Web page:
Chaim Putterman, MD - Summary of Research Program and Goals
Systemic lupus erythematosus (SLE) is a prototypical systemic autoimmune disease, characterized by the presence of numerous autoantibodies and involvement of multiple organ systems. Inflammation of the kidneys, or lupus nephritis, appears in up to 50% of lupus patients during the course of their disease. Despite medical treatment, morbidity and mortality from renal disease are all too common in lupus patients, with reports of 5-year renal survival ranging from 46-95%. Overall increases in the incidence of lupus and in the number of deaths from the disease reported in the United States are additional reasons for significant concern for clinicians and researchers alike. Unfortunately, major strides forward in understanding lupus and the advent of newer "biologic" therapies in the field of Rheumatology have yet to translate into measurable benefits for the majority of patients with SLE. Current treatments, while effective, only control disease activity but are not curative. Furthermore, therapeutic modalities that are employed at this time for the treatment of patients with lupus are non-specific - and commonly affect normal cells that are essential for the defense against foreign pathogens, in addition to suppressing the disease-relevant autoreactive B cells. Nevertheless, early diagnosis and prompt treatment can still significantly improve long-term prognosis.
Anti-double stranded (ds) DNA antibodies are a serologic hallmark of patients with SLE. In recent years it has been increasingly clear that not only are anti-dsDNA antibodies an important diagnostic marker for lupus, but that these autoantibodies are also instrumental in the pathogenesis of lupus nephritis. The mechanisms by which anti-dsDNA antibodies induce renal injury, however, are not completely understood. It has been suggested that anti-dsDNA antibodies bind DNA in the circulation followed by non-specific deposition of these immune complexes in the kidney, or that in-situ immune complexes are formed in the kidney by binding of anti-dsDNA antibodies to nuclear antigens deposited on the glomerular basement membrane. Alternatively, some anti-dsDNA antibodies may cause injury by penetrating into living cells and affecting metabolic pathways. Finally, we and others have generated evidence that strongly suggests that at least some anti-dsDNA antibodies are pathogenic not by virtue of their affinity for DNA, but rather by direct cross-reactivity with renal antigen.
One major long-term goal of the laboratory is to study the renal pathogenicity of anti-dsDNA antibodies. We are determining the cross-reactive kidney antigen bound by anti-DNA antibodies in human lupus and in mouse models of the disease to understand what determines the nephritogenic potential of these antibodies. We made significant progress in defining one renal antigen bound by cross-reactive anti-DNA antibodies. We discovered that a-actinin is a major cross-reactive target for the anti-dsDNA antibody response in murine lupus, and that both human monoclonal and polyclonal anti-dsDNA antibodies bind to a-actinin as well. In current studies, we are investigating if a-actinin can serve not only as a target but also as an antigenic trigger for anti-DNA antibodies, whether anti-a-actinin antibodies are associated with specific disease features (analysis of patient cohorts), and what might be the mechanism by which these antibodies induce damage in kidney cells (proteomic and microarray approaches). Understanding the renal pathogenicity of cross-reactive anti-dsDNA antibodies by identifying the target antigen for these antibodies in the kidney would improve our understanding of a key manifestation of lupus, and would facilitate the development of serological tools to better predict the onset and severity of renal involvement in patients with SLE. Furthermore, identification of the triggering and/or target antigen in lupus will allow us to develop novel approaches to the treatment of lupus, by blocking the effects of anti-DNA antibodies on target organs or by specifically tolerizing pathogenic B cells.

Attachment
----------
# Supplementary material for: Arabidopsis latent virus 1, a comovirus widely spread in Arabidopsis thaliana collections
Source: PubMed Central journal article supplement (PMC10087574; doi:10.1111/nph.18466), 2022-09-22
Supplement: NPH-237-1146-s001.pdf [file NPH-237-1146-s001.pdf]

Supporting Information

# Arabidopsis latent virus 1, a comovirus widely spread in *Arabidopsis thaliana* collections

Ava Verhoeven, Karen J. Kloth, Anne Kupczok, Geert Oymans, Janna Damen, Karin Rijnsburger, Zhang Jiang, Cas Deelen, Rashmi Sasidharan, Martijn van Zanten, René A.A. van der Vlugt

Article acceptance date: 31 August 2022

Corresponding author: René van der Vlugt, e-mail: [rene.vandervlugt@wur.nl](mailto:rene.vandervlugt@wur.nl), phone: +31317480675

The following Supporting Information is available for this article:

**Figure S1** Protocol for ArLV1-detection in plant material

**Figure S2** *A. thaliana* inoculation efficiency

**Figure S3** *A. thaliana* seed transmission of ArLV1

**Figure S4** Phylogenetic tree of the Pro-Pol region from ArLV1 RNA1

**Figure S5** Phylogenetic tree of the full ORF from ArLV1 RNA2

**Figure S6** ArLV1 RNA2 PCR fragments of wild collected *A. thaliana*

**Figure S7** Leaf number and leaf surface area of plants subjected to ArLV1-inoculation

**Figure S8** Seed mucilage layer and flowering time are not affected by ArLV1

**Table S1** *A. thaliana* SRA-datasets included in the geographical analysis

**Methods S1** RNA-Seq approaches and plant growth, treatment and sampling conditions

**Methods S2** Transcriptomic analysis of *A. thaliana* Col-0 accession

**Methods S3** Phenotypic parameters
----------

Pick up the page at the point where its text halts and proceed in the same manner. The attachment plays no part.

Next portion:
Members of the TNF-superfamily of ligands are centrally involved in normal immune responses, and in the pathogenesis of autoimmune disorders. In a second group of related projects in the laboratory, we are investigating the role of a relatively new member of the TNF superfamily (TWEAK) and its receptor Fn14 in the pathogenesis of lupus, specifically lupus nephritis. We have shown that TWEAK induces a pro-inflammatory profile of cytokines and chemokines in kidney epithelial and mesangial cells, and thus contributes to the influx of inflammatory cells observed in the early stages of lupus nephritis. Modulation of the TWEAK/Fn14 pathway in SLE may be an important target for novel therapies for this disease. Furthermore, we are exploring the role of TWEAK as a biomarker for disease activity in lupus nephritis. Indeed, such as serum or urinary biomarker would have tremendous value for patient care, allowing early and accurate diagnosis and more precise management, without the need for an invasive kidney biopsy.